Ashover was the scene of a confrontation between the Royalists and the Roundheads during the Civil War in the 17th century. The Roundheads, short of ammunition, demolished the windows of the church and used the lead to make bullets. They also reduced nearby Eastwood Hall to ruins; all that can be seen today are the ivy-clad remains. Royalists slaughtered livestock and drank all the wine and ale in the cellars of Eddlestow Hall while the owner Sir John Pershall was away. Job Wall, the landlord of the Crispin Inn public house, refused entry to the army, telling them they had had too much to drink. But they threw him out and drank the ale, pouring what was left down the street. Outside, affixed to the front wall of the pub is a signboard with a history of the inn.
Ashover's industrial history is linked with lead mining and quarrying, both of which date back to Roman times. Butt's Quarry is a large disused example, previously excavated by the Clay Cross Company for its works three miles away. During the Second World War, prisoners of war held at Clay Cross were taken daily to the quarry to make concrete blocks. It is now home to a wide range of different species, including jackdaws which nest on the quarry face. Part of the village was home to the stocking frame knitting industry, which once rivalled lead mining in importance. The area is called Rattle, which is believed to be a reference to the noise made by the machinery.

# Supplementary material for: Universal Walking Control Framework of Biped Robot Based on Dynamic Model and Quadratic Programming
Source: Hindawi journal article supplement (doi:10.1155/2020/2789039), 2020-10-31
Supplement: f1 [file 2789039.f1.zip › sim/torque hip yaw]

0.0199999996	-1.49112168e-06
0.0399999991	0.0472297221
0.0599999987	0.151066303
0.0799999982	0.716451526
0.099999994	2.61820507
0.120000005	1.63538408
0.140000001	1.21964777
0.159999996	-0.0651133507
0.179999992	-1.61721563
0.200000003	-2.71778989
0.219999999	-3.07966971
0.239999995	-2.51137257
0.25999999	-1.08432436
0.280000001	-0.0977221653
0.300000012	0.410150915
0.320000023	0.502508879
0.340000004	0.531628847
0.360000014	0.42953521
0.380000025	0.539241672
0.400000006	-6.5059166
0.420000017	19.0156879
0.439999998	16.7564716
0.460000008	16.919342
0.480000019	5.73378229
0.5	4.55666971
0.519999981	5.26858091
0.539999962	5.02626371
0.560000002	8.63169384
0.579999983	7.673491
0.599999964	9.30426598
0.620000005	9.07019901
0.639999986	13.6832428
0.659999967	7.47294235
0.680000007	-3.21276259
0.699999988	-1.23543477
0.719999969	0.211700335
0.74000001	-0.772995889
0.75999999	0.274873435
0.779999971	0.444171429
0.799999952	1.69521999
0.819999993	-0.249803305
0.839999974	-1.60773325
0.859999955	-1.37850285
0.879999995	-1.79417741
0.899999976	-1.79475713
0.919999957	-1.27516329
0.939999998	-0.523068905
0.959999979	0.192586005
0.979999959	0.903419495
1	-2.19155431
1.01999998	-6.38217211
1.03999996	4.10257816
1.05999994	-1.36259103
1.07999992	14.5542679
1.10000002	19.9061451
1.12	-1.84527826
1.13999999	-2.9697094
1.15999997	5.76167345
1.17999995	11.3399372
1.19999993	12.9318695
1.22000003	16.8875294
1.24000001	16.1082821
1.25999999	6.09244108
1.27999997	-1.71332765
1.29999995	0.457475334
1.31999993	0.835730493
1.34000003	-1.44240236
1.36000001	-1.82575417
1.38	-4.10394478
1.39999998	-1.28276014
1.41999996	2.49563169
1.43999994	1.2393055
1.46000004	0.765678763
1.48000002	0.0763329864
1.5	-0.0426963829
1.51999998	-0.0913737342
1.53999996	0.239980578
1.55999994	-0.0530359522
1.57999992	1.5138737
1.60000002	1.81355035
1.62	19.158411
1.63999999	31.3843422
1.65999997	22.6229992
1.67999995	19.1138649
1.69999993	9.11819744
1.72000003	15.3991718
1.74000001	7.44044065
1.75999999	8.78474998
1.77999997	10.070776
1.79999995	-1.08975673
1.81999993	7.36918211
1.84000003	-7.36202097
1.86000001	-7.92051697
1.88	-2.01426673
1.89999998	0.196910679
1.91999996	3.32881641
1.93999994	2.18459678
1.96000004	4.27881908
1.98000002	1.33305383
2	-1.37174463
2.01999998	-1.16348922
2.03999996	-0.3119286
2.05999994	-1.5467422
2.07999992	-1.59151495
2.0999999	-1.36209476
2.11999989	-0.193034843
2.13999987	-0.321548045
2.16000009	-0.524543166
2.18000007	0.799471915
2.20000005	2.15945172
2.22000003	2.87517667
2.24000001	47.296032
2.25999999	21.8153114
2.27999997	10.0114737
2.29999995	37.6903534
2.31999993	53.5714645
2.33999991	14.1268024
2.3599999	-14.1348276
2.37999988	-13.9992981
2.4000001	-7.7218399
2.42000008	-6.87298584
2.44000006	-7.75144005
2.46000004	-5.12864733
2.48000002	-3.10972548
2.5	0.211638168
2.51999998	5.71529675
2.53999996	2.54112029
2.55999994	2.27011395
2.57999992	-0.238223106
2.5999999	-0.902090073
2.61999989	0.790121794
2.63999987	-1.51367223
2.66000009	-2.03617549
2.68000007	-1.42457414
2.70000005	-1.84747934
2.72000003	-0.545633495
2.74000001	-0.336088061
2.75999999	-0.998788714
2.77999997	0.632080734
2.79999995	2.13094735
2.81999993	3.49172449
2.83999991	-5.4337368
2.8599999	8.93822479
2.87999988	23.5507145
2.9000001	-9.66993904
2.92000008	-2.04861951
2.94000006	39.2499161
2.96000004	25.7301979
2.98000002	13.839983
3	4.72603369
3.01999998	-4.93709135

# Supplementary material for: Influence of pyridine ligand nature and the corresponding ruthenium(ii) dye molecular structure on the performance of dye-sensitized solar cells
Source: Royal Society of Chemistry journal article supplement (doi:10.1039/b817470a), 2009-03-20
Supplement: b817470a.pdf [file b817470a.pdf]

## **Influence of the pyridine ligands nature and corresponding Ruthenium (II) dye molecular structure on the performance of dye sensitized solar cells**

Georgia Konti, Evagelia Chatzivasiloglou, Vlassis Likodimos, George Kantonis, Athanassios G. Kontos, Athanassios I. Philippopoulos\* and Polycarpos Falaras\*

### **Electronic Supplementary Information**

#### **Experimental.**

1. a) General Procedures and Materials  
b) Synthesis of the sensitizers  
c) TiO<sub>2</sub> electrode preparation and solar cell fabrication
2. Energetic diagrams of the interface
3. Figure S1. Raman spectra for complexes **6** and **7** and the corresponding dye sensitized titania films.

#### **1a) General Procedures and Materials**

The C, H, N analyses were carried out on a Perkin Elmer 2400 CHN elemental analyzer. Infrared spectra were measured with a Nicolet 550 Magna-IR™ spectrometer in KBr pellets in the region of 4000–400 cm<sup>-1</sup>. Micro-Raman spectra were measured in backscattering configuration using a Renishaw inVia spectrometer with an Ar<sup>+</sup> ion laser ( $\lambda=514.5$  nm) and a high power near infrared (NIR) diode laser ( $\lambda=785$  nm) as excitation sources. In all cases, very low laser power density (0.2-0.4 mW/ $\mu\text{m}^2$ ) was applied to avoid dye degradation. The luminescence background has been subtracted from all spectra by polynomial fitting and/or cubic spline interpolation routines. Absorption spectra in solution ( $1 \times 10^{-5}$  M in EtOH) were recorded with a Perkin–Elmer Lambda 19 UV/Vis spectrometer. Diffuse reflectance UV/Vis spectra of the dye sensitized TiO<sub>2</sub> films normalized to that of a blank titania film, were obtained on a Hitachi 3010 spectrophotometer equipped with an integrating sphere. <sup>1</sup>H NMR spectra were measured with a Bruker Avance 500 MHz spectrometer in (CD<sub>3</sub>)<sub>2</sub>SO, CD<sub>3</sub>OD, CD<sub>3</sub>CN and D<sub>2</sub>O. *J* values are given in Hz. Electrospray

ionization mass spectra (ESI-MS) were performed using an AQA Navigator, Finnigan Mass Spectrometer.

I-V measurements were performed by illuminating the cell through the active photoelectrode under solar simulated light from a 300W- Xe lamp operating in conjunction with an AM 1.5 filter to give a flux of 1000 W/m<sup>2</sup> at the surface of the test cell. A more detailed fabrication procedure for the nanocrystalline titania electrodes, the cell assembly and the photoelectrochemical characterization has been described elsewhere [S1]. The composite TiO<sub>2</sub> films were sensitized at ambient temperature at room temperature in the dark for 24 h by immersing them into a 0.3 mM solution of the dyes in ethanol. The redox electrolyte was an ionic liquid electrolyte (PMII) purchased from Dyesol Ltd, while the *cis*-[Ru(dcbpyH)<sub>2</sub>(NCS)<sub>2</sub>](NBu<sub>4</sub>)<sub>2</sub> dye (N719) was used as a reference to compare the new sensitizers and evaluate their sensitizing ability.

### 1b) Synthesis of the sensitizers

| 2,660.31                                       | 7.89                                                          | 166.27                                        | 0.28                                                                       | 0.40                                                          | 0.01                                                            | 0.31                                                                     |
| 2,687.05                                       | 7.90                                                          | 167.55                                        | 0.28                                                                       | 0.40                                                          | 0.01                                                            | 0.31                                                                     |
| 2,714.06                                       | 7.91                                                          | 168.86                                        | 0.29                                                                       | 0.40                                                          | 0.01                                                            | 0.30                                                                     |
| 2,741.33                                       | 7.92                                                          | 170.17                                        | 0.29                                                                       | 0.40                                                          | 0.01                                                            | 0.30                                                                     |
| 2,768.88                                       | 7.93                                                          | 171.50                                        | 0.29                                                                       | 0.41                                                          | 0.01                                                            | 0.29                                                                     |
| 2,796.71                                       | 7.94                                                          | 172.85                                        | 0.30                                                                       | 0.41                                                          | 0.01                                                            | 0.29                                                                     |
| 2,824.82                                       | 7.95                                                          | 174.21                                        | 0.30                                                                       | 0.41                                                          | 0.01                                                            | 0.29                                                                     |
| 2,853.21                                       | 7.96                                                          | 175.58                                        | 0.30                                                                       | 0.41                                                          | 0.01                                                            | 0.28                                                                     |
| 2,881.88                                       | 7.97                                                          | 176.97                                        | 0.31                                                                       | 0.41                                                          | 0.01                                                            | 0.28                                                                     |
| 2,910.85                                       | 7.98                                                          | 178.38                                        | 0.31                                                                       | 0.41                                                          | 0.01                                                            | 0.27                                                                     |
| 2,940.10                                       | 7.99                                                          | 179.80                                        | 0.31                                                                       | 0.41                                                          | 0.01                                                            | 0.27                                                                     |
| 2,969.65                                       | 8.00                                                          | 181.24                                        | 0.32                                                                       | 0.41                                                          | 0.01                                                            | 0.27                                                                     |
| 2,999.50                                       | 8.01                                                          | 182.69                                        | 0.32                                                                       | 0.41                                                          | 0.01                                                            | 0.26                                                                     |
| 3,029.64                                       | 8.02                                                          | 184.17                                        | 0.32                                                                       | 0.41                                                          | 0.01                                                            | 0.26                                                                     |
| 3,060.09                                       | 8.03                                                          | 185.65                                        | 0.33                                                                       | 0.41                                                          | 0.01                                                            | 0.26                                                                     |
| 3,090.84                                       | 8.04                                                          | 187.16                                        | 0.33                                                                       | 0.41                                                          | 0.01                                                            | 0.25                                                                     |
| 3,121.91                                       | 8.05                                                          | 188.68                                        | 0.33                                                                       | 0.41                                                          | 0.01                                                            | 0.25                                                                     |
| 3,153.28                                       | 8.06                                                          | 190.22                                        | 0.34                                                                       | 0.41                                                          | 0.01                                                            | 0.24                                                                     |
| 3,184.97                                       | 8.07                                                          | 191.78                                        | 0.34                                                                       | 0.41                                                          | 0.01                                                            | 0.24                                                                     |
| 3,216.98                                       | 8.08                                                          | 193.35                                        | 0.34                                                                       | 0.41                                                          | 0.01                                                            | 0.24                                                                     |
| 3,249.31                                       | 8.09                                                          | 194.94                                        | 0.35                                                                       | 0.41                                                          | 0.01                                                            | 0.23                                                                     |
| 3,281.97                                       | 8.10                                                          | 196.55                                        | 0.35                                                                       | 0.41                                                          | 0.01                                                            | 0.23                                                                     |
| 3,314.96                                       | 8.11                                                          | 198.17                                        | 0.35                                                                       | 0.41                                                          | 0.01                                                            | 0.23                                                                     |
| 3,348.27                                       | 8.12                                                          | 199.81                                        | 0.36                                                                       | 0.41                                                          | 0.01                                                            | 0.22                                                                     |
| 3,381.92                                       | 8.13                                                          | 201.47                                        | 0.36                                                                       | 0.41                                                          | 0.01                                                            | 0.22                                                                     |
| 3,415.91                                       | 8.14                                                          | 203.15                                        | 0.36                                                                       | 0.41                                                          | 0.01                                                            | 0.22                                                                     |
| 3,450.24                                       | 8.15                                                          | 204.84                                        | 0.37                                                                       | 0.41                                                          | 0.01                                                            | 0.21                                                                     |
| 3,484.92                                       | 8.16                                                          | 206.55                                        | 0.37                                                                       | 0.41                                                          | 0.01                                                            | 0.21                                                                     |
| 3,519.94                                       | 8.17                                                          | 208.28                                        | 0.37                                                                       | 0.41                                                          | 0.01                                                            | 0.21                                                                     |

Electricity came to the valley in the 1920s, but the village was not connected to the National Grid until a decade later. Some outlying settlements were not connected until after the Second World War. It was not until 1967 that gas street lights were replaced by electric lighting.
Until 1963, there was a hydro in the village, sourcing its own private water supply from a tank on a hillside. Ashover had two such institutions, which were popular in the 19th century due to the belief in 'healing water'. Subsequently, purchased by the electricity board, the building is today divided into private apartments, with further expensive new houses built in the grounds.